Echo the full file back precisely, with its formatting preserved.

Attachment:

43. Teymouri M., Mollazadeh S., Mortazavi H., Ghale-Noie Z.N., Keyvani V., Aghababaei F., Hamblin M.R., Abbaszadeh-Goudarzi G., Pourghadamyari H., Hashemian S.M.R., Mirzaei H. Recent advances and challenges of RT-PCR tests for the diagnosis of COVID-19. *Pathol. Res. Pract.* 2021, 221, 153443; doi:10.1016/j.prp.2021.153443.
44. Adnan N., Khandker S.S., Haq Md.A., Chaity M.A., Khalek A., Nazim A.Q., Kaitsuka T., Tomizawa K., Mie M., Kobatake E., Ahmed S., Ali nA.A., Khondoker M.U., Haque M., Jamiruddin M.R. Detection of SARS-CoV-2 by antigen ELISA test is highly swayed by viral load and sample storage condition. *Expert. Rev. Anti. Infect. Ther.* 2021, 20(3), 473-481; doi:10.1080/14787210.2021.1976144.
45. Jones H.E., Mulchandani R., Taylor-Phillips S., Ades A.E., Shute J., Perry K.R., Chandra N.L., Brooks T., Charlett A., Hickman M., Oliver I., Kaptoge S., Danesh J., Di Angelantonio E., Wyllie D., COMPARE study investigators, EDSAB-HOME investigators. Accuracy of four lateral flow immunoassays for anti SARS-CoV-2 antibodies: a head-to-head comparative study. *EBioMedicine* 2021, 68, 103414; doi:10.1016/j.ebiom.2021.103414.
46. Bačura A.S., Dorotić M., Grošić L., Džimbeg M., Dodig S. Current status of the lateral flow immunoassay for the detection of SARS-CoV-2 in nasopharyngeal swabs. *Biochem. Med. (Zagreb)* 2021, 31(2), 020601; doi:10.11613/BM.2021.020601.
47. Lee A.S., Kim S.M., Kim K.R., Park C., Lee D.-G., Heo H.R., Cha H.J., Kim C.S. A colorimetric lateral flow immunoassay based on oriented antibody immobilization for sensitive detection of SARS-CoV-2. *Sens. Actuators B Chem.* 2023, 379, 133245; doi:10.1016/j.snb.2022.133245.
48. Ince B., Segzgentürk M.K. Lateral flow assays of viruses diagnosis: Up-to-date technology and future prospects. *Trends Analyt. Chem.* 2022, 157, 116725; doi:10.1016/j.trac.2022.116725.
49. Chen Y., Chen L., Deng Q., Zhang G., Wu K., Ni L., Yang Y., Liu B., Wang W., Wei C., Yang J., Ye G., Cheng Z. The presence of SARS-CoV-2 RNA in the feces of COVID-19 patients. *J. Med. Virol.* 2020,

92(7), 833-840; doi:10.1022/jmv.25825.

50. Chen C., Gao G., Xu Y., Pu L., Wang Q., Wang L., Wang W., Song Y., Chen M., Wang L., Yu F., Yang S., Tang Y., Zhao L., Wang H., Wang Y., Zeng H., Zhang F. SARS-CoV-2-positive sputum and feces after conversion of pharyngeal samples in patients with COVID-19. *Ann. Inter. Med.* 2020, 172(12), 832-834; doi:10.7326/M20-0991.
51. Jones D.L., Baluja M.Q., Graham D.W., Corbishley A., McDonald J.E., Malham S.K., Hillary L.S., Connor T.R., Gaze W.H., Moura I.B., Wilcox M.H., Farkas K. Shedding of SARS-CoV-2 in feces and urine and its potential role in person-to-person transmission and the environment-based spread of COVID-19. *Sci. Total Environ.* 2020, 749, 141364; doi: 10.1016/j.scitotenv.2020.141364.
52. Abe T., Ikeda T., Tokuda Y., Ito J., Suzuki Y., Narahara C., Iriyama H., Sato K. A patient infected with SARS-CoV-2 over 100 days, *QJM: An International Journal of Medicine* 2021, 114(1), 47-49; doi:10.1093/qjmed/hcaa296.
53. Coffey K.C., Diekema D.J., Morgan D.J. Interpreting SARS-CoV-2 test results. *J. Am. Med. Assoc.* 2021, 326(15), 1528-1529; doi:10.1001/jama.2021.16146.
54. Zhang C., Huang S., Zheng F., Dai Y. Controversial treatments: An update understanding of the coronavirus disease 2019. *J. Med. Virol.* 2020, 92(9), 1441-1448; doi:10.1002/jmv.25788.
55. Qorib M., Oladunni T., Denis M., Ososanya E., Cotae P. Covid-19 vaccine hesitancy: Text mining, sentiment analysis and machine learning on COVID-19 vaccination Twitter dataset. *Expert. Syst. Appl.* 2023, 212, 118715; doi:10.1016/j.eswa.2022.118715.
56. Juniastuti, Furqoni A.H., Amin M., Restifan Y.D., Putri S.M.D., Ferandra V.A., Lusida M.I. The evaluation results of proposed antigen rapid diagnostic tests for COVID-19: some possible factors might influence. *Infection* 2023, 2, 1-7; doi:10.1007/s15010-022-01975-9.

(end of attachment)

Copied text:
43. Teymouri M., Mollazadeh S., Mortazavi H., Ghale-Noie Z.N., Keyvani V., Aghababaei F., Hamblin M.R., Abbaszadeh-Goudarzi G., Pourghadamyari H., Hashemian S.M.R., Mirzaei H. Recent advances and challenges of RT-PCR tests for the diagnosis of COVID-19. *Pathol. Res. Pract.* 2021, 221, 153443; doi:10.1016/j.prp.2021.153443.
44. Adnan N., Khandker S.S., Haq Md.A., Chaity M.A., Khalek A., Nazim A.Q., Kaitsuka T., Tomizawa K., Mie M., Kobatake E., Ahmed S., Ali nA.A., Khondoker M.U., Haque M., Jamiruddin M.R. Detection of SARS-CoV-2 by antigen ELISA test is highly swayed by viral load and sample storage condition. *Expert. Rev. Anti. Infect. Ther.* 2021, 20(3), 473-481; doi:10.1080/14787210.2021.1976144.
45. Jones H.E., Mulchandani R., Taylor-Phillips S., Ades A.E., Shute J., Perry K.R., Chandra N.L., Brooks T., Charlett A., Hickman M., Oliver I., Kaptoge S., Danesh J., Di Angelantonio E., Wyllie D., COMPARE study investigators, EDSAB-HOME investigators. Accuracy of four lateral flow immunoassays for anti SARS-CoV-2 antibodies: a head-to-head comparative study. *EBioMedicine* 2021, 68, 103414; doi:10.1016/j.ebiom.2021.103414.
46. Bačura A.S., Dorotić M., Grošić L., Džimbeg M., Dodig S. Current status of the lateral flow immunoassay for the detection of SARS-CoV-2 in nasopharyngeal swabs. *Biochem. Med. (Zagreb)* 2021, 31(2), 020601; doi:10.11613/BM.2021.020601.
47. Lee A.S., Kim S.M., Kim K.R., Park C., Lee D.-G., Heo H.R., Cha H.J., Kim C.S. A colorimetric lateral flow immunoassay based on oriented antibody immobilization for sensitive detection of SARS-CoV-2. *Sens. Actuators B Chem.* 2023, 379, 133245; doi:10.1016/j.snb.2022.133245.
48. Ince B., Segzgentürk M.K. Lateral flow assays of viruses diagnosis: Up-to-date technology and future prospects. *Trends Analyt. Chem.* 2022, 157, 116725; doi:10.1016/j.trac.2022.116725.
49. Chen Y., Chen L., Deng Q., Zhang G., Wu K., Ni L., Yang Y., Liu B., Wang W., Wei C., Yang J., Ye G., Cheng Z. The presence of SARS-CoV-2 RNA in the feces of COVID-19 patients. *J. Med. Virol.* 2020,

92(7), 833-840; doi:10.1022/jmv.25825.

50. Chen C., Gao G., Xu Y., Pu L., Wang Q., Wang L., Wang W., Song Y., Chen M., Wang L., Yu F., Yang S., Tang Y., Zhao L., Wang H., Wang Y., Zeng H., Zhang F. SARS-CoV-2-positive sputum and feces after conversion of pharyngeal samples in patients with COVID-19. *Ann. Inter. Med.* 2020, 172(12), 832-834; doi:10.7326/M20-0991.
51. Jones D.L., Baluja M.Q., Graham D.W., Corbishley A., McDonald J.E., Malham S.K., Hillary L.S., Connor T.R., Gaze W.H., Moura I.B., Wilcox M.H., Farkas K. Shedding of SARS-CoV-2 in feces and urine and its potential role in person-to-person transmission and the environment-based spread of COVID-19. *Sci. Total Environ.* 2020, 749, 141364; doi: 10.1016/j.scitotenv.2020.141364.
52. Abe T., Ikeda T., Tokuda Y., Ito J., Suzuki Y., Narahara C., Iriyama H., Sato K. A patient infected with SARS-CoV-2 over 100 days, *QJM: An International Journal of Medicine* 2021, 114(1), 47-49; doi:10.1093/qjmed/hcaa296.
53. Coffey K.C., Diekema D.J., Morgan D.J. Interpreting SARS-CoV-2 test results. *J. Am. Med. Assoc.* 2021, 326(15), 1528-1529; doi:10.1001/jama.2021.16146.
54. Zhang C., Huang S., Zheng F., Dai Y. Controversial treatments: An update understanding of the coronavirus disease 2019. *J. Med. Virol.* 2020, 92(9), 1441-1448; doi:10.1002/jmv.25788.
55. Qorib M., Oladunni T., Denis M., Ososanya E., Cotae P. Covid-19 vaccine hesitancy: Text mining, sentiment analysis and machine learning on COVID-19 vaccination Twitter dataset. *Expert. Syst. Appl.* 2023, 212, 118715; doi:10.1016/j.eswa.2022.118715.
56. Juniastuti, Furqoni A.H., Amin M., Restifan Y.D., Putri S.M.D., Ferandra V.A., Lusida M.I. The evaluation results of proposed antigen rapid diagnostic tests for COVID-19: some possible factors might influence. *Infection* 2023, 2, 1-7; doi:10.1007/s15010-022-01975-9.